A belated Thai clampdown on illegal fishing is forcing unlicensed vessels ashore, threatening to paralyse the key industry as the kingdom desperately tries to avoid a European Union ban on exports worth $1 billion a year.
Barrels of fish packed in ice are rolled off boats at a bustling port in Samut Sakhon, a coastal province near Bangkok, by the Myanmar and Cambodia migrant workers who prop up the world's third largest seafood producer.
But many will sit idle from Wednesday, say their Thai employers, who have failed to obtain necessary fishing permits under a raft of new government rules aimed at cleaning up the shadowy industry.
Next to buckets of red snapper destined to become fish balls for the local market and fishmeal to rear shrimp marked for Europe, a Thai vessel owner says there are "too many rules and too little time".
"We will have to keep paying bills with no income," said the worried 59-year-old, who withheld his name, as he prepares to cease operations until he can meet the conditions for a new permit.
The Wednesday deadline to register boats with authorities and acquire permits under revised standards, including installing equipment such as tracking devices, comes after the European Union threatened to ban fish imports from the kingdom unless it combats illegal fishing.
In April Brussels issued Thailand with a "yellow card" for inadequate fisheries monitoring, controls and punishment, warning that a "red card" and eventual import ban would follow if it failed to improve within six months.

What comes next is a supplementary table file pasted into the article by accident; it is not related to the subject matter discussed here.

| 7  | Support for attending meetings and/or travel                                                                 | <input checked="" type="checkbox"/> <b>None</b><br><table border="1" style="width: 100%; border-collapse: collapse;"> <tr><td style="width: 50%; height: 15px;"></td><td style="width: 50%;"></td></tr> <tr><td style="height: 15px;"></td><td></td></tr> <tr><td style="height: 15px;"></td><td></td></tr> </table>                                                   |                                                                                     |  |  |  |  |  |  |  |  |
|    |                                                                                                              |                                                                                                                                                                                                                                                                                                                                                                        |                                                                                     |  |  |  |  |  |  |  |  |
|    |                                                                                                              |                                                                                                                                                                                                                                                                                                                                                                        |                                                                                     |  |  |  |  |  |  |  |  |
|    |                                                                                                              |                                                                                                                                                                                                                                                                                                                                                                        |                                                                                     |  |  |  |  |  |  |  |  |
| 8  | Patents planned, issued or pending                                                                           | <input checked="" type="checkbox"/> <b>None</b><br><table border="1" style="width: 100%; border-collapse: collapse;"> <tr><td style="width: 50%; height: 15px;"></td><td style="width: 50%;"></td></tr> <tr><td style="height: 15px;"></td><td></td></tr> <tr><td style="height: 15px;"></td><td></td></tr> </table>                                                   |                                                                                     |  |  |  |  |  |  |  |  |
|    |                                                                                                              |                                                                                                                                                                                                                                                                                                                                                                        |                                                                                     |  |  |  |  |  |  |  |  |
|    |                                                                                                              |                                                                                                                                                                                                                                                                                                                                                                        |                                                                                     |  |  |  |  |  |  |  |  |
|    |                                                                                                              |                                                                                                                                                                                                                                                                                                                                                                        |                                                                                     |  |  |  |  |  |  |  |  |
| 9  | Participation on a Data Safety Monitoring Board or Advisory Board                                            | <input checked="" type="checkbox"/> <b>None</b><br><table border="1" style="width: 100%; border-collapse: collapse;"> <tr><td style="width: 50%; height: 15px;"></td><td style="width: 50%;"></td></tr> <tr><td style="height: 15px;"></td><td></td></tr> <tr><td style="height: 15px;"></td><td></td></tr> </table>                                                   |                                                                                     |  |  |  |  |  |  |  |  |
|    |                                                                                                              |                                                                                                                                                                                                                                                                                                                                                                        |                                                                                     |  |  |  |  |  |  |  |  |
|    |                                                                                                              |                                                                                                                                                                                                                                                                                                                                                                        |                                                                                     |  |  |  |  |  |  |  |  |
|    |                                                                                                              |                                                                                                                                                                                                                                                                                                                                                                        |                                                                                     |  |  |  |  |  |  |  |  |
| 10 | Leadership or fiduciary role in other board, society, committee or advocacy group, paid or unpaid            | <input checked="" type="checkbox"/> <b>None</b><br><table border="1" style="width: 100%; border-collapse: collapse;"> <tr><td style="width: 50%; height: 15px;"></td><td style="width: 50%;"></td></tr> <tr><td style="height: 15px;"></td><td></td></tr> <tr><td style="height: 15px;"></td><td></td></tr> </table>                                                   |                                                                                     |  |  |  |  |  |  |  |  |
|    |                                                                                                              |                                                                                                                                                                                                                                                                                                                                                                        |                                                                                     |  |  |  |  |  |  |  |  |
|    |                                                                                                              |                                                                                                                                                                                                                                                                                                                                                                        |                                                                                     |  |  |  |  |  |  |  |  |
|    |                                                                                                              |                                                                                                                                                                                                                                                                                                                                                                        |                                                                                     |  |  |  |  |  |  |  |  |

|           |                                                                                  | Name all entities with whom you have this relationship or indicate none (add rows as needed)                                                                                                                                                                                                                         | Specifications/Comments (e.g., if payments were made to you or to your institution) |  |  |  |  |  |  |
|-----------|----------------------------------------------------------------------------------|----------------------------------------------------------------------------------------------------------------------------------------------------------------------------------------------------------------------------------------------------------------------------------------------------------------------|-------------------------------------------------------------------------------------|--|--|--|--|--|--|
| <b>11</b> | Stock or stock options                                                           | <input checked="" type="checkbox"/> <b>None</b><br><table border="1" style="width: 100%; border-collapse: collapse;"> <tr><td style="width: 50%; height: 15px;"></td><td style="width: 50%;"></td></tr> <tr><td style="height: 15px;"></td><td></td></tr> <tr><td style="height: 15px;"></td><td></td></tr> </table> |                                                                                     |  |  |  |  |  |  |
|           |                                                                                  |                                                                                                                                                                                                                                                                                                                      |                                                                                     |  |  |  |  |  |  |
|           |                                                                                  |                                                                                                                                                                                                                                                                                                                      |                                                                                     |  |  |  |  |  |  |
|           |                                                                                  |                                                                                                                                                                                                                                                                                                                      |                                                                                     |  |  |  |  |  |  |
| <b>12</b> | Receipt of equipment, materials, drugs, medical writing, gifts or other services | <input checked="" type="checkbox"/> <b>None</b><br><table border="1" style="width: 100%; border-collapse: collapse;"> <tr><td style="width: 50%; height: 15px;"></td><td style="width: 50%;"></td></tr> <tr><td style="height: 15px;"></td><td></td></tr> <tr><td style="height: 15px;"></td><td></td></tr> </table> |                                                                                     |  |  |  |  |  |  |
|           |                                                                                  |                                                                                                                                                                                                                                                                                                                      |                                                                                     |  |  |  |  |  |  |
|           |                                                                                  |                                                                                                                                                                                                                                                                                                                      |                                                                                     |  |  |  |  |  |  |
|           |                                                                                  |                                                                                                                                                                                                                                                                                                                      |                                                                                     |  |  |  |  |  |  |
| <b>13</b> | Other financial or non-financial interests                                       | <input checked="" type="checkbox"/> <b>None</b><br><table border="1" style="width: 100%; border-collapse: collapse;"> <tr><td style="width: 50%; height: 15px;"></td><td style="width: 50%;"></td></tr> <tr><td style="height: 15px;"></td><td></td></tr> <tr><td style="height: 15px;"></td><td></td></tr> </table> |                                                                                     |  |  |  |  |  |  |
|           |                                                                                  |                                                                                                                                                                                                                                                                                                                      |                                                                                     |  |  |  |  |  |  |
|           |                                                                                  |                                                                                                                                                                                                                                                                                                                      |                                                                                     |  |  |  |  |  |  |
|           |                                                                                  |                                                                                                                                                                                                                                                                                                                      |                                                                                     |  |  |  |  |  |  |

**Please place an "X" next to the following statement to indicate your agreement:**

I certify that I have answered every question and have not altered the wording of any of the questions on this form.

The spectre of losing $1 billion in European sales is a shortfall the ruling military can ill-afford in an already sluggish economy.
Thailand saw only 0.3 percent growth in the first quarter and exports have been slowing in part, says the World Bank, due to an erosion in competitiveness.
- EU ban, US ranking fears -
Aphisit Techanitisawad, president of The Thai Overseas Fisheries Association, estimates around 3,000 fishing vessels will renege the seas from Wednesday.
"About 80 percent of all the fishermen, they're coming back to shore" to seek permits, he told AFP at his fisheries factory in Samut Sakhon.
A recent shortage in fresh fish has already seen his workers stop processing crab sticks for French exports, instead focussing on canning sardines and mackerel from frozen supplies for the Myanmar and Cambodian markets.
Aphisit thinks the government could have imposed a more lenient timeframe for changes, but premier Prayut Chan-O-Cha Tuesday told reporters the industry had been unchecked for too long.
Thailand's image has been battered in recent years by a series of fishing abuse allegations from prominent rights groups of ships using slave and child labour as well as trafficking victims.
And last year the US downgraded the kingdom to its lowest ranking on human trafficking, a designation that can trigger sanctions.
Bangkok is desperate to improve its standing, while sanctions have not yet been imposed, laying out new measures including a ban on fishing workers under 18 in the months since. The latest Trafficking in Persons (TIP) report is due for imminent publication.
Observers say that while the latest threat of an EU ban has triggered a renewed sense of urgency in authorities, rushed actions will fail to combat illegal fishing in the long-term.
Improving "monitoring, control and surveillance" will help to tackle longstanding problems of pirate fishing, slavery and trafficking in Thailand's fisheries industry, said Daniel Murphy, a Bangkok-based campaigner for the Environmental Justice Foundation.
But by rapidly regulating the neglected sector the government "risks regularising more vessels than Thailand's exhausted waters can support as well a significant number of vessels which have spent years openly flouting fishing laws", he said.